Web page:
When you conjure up an image of a car that's been "totaled," you might imagine a car wrapped around a telephone pole and vehicles rendered nearly unrecognizable by multicar pileups. But the insurance definition of totaled is much broader -- sometimes, vehicles involved in minor fender-benders will be declared totaled for insurance purposes.
According to Edmunds.com, an auto insurance company will declare a car a total loss if the cost of repairing it would be more than just giving you enough money to cover its cash value and then selling it to a salvage yard.
Figuring the value of your car
Your insurance company will assess your vehicle's actual cash value, using sources like Kelley Blue Book or its own database. This value then will be adjusted based on your car's condition before the accident, according to GEICO and Progressive. If your vehicle was dented, warped, rusty and leaking before the crash, its value will be lower. Other factors contributing to your vehicle's value include mileage, customizations and enhancements.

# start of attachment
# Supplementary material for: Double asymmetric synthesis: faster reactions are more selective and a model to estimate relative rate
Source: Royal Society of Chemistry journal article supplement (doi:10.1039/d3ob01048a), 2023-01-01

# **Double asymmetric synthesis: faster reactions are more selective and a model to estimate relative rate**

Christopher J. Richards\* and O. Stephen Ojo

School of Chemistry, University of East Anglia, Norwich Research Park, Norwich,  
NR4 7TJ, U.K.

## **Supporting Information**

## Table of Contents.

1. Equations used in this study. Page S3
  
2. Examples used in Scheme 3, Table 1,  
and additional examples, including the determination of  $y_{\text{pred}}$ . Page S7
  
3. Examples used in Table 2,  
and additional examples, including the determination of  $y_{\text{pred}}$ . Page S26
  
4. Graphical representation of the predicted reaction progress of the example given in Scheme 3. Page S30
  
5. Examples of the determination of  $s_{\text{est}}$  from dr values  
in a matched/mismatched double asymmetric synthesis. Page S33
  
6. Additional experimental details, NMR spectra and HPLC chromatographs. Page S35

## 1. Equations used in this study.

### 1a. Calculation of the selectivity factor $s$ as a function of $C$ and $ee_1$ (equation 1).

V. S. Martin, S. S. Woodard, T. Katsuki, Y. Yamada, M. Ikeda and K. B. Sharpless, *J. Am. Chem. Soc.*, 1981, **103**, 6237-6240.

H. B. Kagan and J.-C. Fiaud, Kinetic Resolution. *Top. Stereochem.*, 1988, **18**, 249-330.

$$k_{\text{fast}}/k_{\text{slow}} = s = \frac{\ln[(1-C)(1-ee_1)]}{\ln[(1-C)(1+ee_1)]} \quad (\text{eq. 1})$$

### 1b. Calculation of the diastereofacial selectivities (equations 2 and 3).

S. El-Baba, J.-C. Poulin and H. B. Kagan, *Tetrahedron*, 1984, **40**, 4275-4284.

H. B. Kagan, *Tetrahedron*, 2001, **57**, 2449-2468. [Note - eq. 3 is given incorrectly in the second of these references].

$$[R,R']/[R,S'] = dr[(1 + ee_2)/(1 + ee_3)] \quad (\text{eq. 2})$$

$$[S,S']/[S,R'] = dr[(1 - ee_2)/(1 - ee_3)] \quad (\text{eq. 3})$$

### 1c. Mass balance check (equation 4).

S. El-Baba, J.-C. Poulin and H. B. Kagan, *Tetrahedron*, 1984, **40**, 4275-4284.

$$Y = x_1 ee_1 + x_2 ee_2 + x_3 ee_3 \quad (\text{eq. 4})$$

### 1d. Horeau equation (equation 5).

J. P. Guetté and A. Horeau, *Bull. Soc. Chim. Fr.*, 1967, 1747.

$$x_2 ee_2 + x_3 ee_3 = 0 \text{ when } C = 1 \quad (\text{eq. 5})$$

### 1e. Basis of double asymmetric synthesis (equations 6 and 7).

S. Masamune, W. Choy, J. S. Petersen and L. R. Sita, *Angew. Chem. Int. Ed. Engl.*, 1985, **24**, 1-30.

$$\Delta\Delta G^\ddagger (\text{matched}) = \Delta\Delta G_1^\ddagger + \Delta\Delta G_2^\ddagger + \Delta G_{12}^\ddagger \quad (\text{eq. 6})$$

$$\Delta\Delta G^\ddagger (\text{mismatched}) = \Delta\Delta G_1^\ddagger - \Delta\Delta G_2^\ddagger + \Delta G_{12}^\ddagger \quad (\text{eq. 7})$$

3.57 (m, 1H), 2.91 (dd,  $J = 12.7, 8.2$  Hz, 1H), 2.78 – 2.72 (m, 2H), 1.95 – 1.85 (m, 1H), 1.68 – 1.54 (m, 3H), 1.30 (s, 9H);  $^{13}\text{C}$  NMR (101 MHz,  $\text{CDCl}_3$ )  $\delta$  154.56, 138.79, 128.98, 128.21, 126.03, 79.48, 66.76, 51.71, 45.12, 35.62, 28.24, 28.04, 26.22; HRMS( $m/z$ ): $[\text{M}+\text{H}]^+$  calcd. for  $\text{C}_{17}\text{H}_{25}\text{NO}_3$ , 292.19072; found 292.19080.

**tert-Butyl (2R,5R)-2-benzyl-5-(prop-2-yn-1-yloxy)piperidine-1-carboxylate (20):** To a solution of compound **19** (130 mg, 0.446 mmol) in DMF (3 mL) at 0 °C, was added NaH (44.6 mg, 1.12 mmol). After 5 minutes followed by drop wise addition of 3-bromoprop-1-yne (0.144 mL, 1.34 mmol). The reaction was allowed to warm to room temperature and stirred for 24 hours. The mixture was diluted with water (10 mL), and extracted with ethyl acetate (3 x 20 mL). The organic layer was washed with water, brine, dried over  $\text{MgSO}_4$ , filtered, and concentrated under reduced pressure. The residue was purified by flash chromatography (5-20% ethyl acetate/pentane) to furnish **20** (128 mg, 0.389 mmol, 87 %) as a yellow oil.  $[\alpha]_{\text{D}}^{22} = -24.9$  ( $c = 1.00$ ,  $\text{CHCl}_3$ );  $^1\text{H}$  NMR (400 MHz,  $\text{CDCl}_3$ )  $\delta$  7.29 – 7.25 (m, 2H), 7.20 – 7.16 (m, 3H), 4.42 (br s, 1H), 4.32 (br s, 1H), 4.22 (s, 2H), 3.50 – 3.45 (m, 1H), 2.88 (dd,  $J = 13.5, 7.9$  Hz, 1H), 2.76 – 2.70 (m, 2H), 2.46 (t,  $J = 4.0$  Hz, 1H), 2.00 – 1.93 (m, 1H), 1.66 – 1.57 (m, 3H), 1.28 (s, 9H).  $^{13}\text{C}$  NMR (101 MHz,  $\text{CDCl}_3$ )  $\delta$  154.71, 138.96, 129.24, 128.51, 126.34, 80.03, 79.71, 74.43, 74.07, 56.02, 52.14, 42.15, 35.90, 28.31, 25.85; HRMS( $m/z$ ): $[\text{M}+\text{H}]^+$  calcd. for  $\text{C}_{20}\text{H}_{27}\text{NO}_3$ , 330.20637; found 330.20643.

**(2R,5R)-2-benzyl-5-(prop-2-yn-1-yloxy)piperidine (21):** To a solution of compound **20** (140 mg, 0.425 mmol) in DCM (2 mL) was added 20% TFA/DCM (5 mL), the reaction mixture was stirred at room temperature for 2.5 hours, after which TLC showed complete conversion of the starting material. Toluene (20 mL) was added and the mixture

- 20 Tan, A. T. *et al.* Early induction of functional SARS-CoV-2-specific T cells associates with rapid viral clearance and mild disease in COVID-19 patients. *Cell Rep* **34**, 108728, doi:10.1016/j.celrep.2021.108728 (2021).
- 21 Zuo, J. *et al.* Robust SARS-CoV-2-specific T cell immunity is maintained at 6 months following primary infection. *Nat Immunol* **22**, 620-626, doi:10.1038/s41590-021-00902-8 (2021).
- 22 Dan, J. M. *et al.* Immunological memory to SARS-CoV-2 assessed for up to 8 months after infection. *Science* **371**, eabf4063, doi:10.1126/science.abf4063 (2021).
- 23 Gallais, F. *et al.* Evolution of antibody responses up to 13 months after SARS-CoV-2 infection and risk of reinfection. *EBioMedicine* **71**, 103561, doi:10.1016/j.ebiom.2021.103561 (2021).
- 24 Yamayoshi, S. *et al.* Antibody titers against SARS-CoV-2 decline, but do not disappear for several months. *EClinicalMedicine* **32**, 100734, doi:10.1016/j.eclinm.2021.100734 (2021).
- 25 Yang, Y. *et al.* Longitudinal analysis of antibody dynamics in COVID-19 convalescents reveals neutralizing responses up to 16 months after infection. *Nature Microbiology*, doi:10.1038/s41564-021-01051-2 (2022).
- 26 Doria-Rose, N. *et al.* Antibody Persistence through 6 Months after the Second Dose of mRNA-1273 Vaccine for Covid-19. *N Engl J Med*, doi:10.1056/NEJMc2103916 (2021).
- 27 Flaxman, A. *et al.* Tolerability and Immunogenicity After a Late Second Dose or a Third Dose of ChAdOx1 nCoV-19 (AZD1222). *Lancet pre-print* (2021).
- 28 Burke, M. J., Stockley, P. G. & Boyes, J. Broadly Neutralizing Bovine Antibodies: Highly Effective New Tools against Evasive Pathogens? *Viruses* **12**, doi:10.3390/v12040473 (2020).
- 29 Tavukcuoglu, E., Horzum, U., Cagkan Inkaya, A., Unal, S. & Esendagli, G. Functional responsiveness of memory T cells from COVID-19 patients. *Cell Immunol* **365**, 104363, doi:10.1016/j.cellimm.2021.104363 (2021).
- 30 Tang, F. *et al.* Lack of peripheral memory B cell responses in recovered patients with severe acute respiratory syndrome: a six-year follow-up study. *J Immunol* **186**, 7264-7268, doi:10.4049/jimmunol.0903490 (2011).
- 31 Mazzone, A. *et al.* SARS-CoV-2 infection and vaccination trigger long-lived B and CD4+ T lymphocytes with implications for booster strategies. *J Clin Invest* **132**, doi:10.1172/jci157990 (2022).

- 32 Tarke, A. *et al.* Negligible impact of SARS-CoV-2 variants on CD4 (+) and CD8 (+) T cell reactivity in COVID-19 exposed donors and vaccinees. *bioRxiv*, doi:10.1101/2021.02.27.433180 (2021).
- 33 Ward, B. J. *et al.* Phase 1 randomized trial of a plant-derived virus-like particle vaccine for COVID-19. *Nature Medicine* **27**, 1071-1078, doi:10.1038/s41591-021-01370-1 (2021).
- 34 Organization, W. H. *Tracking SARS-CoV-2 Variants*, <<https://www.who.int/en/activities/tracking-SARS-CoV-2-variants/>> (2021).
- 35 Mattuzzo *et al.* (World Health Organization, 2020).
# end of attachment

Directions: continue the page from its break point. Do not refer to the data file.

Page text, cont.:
Once your auto insurance company has figured out what your car is worth, it will subtract other costs, like the estimated repair costs and the salvage value of the vehicle. If the actual cash value exceeds your repair and salvage costs, the vehicle won't be considered totaled. But if it does, then you'll have a total loss on your hands.
My car is totaled -- now what?
If you own the car outright, the insurance company may write you a check for the actual cash value minus your deductible and other fees, according to Progressive. If you lease the vehicle, the insurer will pay that same amount to the leaseholder, according to GEICO. If you finance, the financing company gets the money first; if that amount is more that what you owe, you'll get the balance.
If you lease or finance your vehicle, there's a chance your insurer could decide that your car is worth less than the amount you owe to the leasing or financing company. For instance, the auto insurance company might write a check $21,000. But you might still owe $24,000 on your lease. You'll have to cover that $3,000 difference out of your pocket unless you have GAP insurance.
You can keep your totaled car, provided you re-title it as a salvaged vehicle and adhere to state reporting requirements. You'll still get its cash value from your insurer -- minus the amount your insurance company could have salvaged it for, according to GEICO.
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